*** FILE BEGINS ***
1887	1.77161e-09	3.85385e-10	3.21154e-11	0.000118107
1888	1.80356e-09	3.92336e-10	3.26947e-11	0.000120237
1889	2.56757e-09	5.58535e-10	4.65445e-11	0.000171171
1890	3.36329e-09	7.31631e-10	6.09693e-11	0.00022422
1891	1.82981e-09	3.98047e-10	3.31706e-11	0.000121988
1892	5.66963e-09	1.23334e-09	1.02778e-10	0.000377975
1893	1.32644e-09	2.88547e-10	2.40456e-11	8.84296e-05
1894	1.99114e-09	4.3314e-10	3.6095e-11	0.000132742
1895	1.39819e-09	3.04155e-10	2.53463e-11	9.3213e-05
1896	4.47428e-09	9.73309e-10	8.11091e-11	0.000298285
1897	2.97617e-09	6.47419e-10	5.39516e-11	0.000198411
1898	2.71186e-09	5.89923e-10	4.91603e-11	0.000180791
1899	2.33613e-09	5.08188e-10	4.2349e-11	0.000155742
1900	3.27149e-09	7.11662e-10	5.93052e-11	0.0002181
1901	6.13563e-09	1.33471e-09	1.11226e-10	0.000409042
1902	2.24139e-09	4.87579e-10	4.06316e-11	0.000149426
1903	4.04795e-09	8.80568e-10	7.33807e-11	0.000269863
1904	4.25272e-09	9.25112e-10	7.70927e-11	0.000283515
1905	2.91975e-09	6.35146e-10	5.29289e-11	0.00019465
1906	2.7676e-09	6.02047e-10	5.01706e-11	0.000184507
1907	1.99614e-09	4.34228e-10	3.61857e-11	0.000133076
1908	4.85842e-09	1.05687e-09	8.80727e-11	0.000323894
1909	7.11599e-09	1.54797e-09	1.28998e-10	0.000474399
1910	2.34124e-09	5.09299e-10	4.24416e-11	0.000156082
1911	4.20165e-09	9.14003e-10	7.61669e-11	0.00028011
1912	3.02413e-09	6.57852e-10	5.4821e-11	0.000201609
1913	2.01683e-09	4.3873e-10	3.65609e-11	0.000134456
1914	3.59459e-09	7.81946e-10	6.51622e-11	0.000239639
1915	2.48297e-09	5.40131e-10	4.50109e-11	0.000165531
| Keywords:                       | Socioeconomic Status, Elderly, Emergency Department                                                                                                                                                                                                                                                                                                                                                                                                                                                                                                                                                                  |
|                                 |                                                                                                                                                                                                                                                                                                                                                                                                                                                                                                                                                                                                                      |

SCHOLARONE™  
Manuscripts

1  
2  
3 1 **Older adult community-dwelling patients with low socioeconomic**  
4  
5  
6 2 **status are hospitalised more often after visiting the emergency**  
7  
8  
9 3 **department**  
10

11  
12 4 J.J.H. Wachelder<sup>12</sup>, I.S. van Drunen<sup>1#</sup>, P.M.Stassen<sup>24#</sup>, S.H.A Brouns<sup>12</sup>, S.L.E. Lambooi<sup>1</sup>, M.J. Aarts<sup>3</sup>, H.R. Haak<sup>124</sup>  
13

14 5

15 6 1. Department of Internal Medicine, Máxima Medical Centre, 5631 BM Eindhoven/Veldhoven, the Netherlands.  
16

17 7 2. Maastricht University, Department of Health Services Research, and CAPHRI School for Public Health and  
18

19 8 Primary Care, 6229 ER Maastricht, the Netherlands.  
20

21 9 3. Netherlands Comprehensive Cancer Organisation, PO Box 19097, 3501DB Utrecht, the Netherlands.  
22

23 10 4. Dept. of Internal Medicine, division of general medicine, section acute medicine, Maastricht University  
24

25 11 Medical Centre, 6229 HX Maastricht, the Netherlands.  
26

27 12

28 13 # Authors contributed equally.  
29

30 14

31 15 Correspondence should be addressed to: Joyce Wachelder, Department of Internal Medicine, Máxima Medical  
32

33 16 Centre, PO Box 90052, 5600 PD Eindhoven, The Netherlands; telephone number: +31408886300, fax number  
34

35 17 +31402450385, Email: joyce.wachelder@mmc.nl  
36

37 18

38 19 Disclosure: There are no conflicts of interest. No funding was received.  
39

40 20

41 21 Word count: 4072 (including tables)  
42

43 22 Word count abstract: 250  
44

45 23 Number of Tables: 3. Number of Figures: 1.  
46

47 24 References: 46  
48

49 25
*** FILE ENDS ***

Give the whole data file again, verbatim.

1887	1.77161e-09	3.85385e-10	3.21154e-11	0.000118107
1888	1.80356e-09	3.92336e-10	3.26947e-11	0.000120237
1889	2.56757e-09	5.58535e-10	4.65445e-11	0.000171171
1890	3.36329e-09	7.31631e-10	6.09693e-11	0.00022422
1891	1.82981e-09	3.98047e-10	3.31706e-11	0.000121988
1892	5.66963e-09	1.23334e-09	1.02778e-10	0.000377975
1893	1.32644e-09	2.88547e-10	2.40456e-11	8.84296e-05
1894	1.99114e-09	4.3314e-10	3.6095e-11	0.000132742
1895	1.39819e-09	3.04155e-10	2.53463e-11	9.3213e-05
1896	4.47428e-09	9.73309e-10	8.11091e-11	0.000298285
1897	2.97617e-09	6.47419e-10	5.39516e-11	0.000198411
1898	2.71186e-09	5.89923e-10	4.91603e-11	0.000180791
1899	2.33613e-09	5.08188e-10	4.2349e-11	0.000155742
1900	3.27149e-09	7.11662e-10	5.93052e-11	0.0002181
1901	6.13563e-09	1.33471e-09	1.11226e-10	0.000409042
1902	2.24139e-09	4.87579e-10	4.06316e-11	0.000149426
1903	4.04795e-09	8.80568e-10	7.33807e-11	0.000269863
1904	4.25272e-09	9.25112e-10	7.70927e-11	0.000283515
1905	2.91975e-09	6.35146e-10	5.29289e-11	0.00019465
1906	2.7676e-09	6.02047e-10	5.01706e-11	0.000184507
1907	1.99614e-09	4.34228e-10	3.61857e-11	0.000133076
1908	4.85842e-09	1.05687e-09	8.80727e-11	0.000323894
1909	7.11599e-09	1.54797e-09	1.28998e-10	0.000474399
1910	2.34124e-09	5.09299e-10	4.24416e-11	0.000156082
1911	4.20165e-09	9.14003e-10	7.61669e-11	0.00028011
1912	3.02413e-09	6.57852e-10	5.4821e-11	0.000201609
1913	2.01683e-09	4.3873e-10	3.65609e-11	0.000134456
1914	3.59459e-09	7.81946e-10	6.51622e-11	0.000239639
1915	2.48297e-09	5.40131e-10	4.50109e-11	0.000165531
| Keywords:                       | Socioeconomic Status, Elderly, Emergency Department                                                                                                                                                                                                                                                                                                                                                                                                                                                                                                                                                                  |
|                                 |                                                                                                                                                                                                                                                                                                                                                                                                                                                                                                                                                                                                                      |

SCHOLARONE™  
Manuscripts

1  
2  
3 1 **Older adult community-dwelling patients with low socioeconomic**  
4  
5  
6 2 **status are hospitalised more often after visiting the emergency**  
7  
8  
9 3 **department**  
10

11  
12 4 J.J.H. Wachelder<sup>12</sup>, I.S. van Drunen<sup>1#</sup>, P.M.Stassen<sup>24#</sup>, S.H.A Brouns<sup>12</sup>, S.L.E. Lambooi<sup>1</sup>, M.J. Aarts<sup>3</sup>, H.R. Haak<sup>124</sup>  
13

14 5

15 6 1. Department of Internal Medicine, Máxima Medical Centre, 5631 BM Eindhoven/Veldhoven, the Netherlands.  
16

17 7 2. Maastricht University, Department of Health Services Research, and CAPHRI School for Public Health and  
18

19 8 Primary Care, 6229 ER Maastricht, the Netherlands.  
20

21 9 3. Netherlands Comprehensive Cancer Organisation, PO Box 19097, 3501DB Utrecht, the Netherlands.  
22

23 10 4. Dept. of Internal Medicine, division of general medicine, section acute medicine, Maastricht University  
24

25 11 Medical Centre, 6229 HX Maastricht, the Netherlands.  
26

27 12

28 13 # Authors contributed equally.  
29

30 14

31 15 Correspondence should be addressed to: Joyce Wachelder, Department of Internal Medicine, Máxima Medical  
32

33 16 Centre, PO Box 90052, 5600 PD Eindhoven, The Netherlands; telephone number: +31408886300, fax number  
34

35 17 +31402450385, Email: joyce.wachelder@mmc.nl  
36

37 18

38 19 Disclosure: There are no conflicts of interest. No funding was received.  
39

40 20

41 21 Word count: 4072 (including tables)  
42

43 22 Word count abstract: 250  
44

45 23 Number of Tables: 3. Number of Figures: 1.  
46

47 24 References: 46  
48

49 25